Obama's 'Overleveraged' presidency
Your weekend reading assignment is this superior piece by Fred Barnes at the Weekly Standard who compares Obama's risky policies with risky loans and investments made by a bank. The bank becomes overleveraged and when those loans and investments start to fail, the bank is forced into bankruptcy (or gets a bailout).
Barnes takes Obama's decision to close Gitmo as an example of his risky policies and makes some salient points out how those policies can define a presidency:
So Obama, like a banker who made a bad loan, is confronted with a problem of his own making. The president said Bush acted too hastily in setting up Guantánamo. But Obama's announcement, two days after his inauguration, of a deadline for closing Guantánamo was a rash decision made in even greater haste.
Most presidents propose two or three risky policies in their first year--risky because there's a significant chance of failure to deliver what's promised. In 1981, President Reagan's policies of deep cuts in taxes and spending and aggressively confronting the Soviet Union were dicey. But the economy rebounded 18 months later and the Soviets buckled, though not until Reagan's second term.
Obama has outdone Reagan or any president since Lyndon Johnson, perhaps even since FDR, in risk-taking. He's adopted or proposed eight or nine risky policies (by my count). Re-election doesn't require all of them to succeed. If his policies bring about a briskly growing economy and nothing more, that may be sufficient for Obama to win a second White House term.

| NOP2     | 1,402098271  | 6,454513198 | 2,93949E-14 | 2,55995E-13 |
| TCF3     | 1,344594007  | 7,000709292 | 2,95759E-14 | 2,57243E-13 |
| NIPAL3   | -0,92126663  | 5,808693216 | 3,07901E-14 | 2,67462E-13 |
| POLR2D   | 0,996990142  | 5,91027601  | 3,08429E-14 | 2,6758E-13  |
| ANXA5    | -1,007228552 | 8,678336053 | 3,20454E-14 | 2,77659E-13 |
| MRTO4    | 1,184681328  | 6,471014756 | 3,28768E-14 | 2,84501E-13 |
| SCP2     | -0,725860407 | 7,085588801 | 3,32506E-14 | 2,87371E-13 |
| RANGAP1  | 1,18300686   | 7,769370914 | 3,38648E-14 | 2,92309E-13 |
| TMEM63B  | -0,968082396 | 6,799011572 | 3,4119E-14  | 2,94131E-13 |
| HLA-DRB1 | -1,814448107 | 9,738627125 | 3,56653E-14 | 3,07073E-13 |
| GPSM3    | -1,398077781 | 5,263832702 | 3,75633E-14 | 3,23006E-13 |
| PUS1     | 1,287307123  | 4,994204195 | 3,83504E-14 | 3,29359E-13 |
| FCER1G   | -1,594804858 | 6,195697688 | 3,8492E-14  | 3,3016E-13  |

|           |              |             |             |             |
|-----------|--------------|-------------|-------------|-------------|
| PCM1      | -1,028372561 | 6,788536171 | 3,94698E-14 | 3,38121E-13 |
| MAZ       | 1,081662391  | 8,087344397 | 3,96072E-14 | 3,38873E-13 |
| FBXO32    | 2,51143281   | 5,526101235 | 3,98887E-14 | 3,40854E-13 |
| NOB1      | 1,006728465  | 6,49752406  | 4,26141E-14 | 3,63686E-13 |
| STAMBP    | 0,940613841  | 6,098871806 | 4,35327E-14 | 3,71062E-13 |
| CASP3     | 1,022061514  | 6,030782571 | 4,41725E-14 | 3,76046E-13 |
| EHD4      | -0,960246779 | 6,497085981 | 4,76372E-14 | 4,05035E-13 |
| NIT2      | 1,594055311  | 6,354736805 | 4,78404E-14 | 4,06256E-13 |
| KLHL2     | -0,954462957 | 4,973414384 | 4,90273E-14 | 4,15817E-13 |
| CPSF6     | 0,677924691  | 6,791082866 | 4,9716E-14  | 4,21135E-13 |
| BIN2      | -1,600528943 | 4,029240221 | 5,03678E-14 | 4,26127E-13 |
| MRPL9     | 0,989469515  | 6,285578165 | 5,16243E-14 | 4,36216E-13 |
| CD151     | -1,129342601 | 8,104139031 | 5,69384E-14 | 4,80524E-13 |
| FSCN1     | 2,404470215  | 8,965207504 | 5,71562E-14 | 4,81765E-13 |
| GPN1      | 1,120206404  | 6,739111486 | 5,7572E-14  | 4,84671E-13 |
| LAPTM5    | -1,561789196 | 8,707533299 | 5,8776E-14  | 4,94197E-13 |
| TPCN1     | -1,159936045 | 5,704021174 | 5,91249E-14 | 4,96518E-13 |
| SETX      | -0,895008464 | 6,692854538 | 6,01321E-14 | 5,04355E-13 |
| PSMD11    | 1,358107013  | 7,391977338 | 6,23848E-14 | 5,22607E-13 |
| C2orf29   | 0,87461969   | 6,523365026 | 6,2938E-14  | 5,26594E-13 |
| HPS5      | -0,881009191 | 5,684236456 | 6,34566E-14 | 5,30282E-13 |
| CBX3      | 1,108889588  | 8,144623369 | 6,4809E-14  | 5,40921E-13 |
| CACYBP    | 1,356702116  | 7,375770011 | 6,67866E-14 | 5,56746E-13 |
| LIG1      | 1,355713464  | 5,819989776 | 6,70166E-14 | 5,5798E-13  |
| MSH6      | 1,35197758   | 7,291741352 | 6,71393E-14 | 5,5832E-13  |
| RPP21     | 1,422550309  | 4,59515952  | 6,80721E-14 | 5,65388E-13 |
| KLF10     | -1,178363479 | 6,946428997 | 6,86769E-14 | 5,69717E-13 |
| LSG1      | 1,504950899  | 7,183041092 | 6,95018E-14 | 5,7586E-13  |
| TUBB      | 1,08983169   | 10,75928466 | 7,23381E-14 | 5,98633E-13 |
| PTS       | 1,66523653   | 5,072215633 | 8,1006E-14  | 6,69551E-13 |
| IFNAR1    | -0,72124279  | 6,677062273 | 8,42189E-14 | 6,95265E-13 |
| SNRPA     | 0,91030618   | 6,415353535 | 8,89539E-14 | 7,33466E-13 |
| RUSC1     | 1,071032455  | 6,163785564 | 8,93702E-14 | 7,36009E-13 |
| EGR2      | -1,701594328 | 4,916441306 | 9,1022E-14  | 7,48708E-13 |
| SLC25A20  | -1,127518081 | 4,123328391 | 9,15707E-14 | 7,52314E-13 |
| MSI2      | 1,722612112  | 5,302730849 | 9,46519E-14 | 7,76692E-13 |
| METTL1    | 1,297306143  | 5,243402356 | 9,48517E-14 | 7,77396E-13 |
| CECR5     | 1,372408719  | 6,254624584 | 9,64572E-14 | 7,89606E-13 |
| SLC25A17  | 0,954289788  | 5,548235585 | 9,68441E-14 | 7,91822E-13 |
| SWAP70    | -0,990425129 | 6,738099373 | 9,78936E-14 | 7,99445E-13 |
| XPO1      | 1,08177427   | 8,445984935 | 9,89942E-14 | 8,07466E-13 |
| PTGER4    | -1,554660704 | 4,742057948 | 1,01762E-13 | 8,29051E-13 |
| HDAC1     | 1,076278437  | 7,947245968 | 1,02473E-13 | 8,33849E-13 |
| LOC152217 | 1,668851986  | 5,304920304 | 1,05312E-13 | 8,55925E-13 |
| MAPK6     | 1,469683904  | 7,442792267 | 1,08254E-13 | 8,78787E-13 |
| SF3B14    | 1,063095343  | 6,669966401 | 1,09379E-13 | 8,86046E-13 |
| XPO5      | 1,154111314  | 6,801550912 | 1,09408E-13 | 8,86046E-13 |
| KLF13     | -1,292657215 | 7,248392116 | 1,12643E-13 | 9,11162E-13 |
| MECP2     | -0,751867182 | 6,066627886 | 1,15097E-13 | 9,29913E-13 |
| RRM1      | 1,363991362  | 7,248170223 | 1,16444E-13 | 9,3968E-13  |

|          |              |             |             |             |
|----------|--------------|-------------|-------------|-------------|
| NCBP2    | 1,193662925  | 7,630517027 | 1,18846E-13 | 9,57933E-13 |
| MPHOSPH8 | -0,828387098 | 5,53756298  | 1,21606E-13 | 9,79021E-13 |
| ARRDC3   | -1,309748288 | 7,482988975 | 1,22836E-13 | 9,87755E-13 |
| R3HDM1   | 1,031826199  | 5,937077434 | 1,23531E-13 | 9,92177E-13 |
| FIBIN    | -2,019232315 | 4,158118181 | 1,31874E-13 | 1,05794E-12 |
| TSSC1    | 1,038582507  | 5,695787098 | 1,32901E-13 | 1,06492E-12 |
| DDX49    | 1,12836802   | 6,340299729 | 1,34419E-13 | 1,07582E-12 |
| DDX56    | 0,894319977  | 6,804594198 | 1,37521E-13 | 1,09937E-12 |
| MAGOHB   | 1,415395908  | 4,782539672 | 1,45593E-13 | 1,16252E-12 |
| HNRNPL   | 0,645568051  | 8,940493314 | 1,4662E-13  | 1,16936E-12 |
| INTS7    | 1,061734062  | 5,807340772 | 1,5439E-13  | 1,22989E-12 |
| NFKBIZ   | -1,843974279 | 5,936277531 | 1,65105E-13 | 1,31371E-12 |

The difficulty is that some of his policies are likely to hinder others. Tax hikes, increased energy costs, and new regulations work against the economic recovery that soaring spending and peacetime deficits at historic highs are supposed (by Obama at least) to spur. A more likely result: stagflation, a simultaneous surge in inflation and interest rates.
The train wreck this country is headed for once all this loose money and high spending come home to roost will all be blamed on Bush by the Democrats. It seems incredible but that gambit will likely work unless the Republicans can get their act together and present a coherent, in depth, critique on the economy the same way that Dick Cheney presented one on Obama's national security policies.
Cheney's excellent speech is still being digested by voters and the contrast with Obama's whining defense of his policies is just too obvious to ignore. But critiquing Obama's economic policies will be tougher given the diffuse nature of the subject matter and the sad fact that the GOP has offered few alternatives of its own.
Still, the reality of where Obama is taking us may yet make the Republican's job easier if inflation bites in double digits and interest rates skyrocket, thus cutting off any nascent recovery. At that point, voters will give the GOP their undivided attention. Let's hope they have something meaningful to say.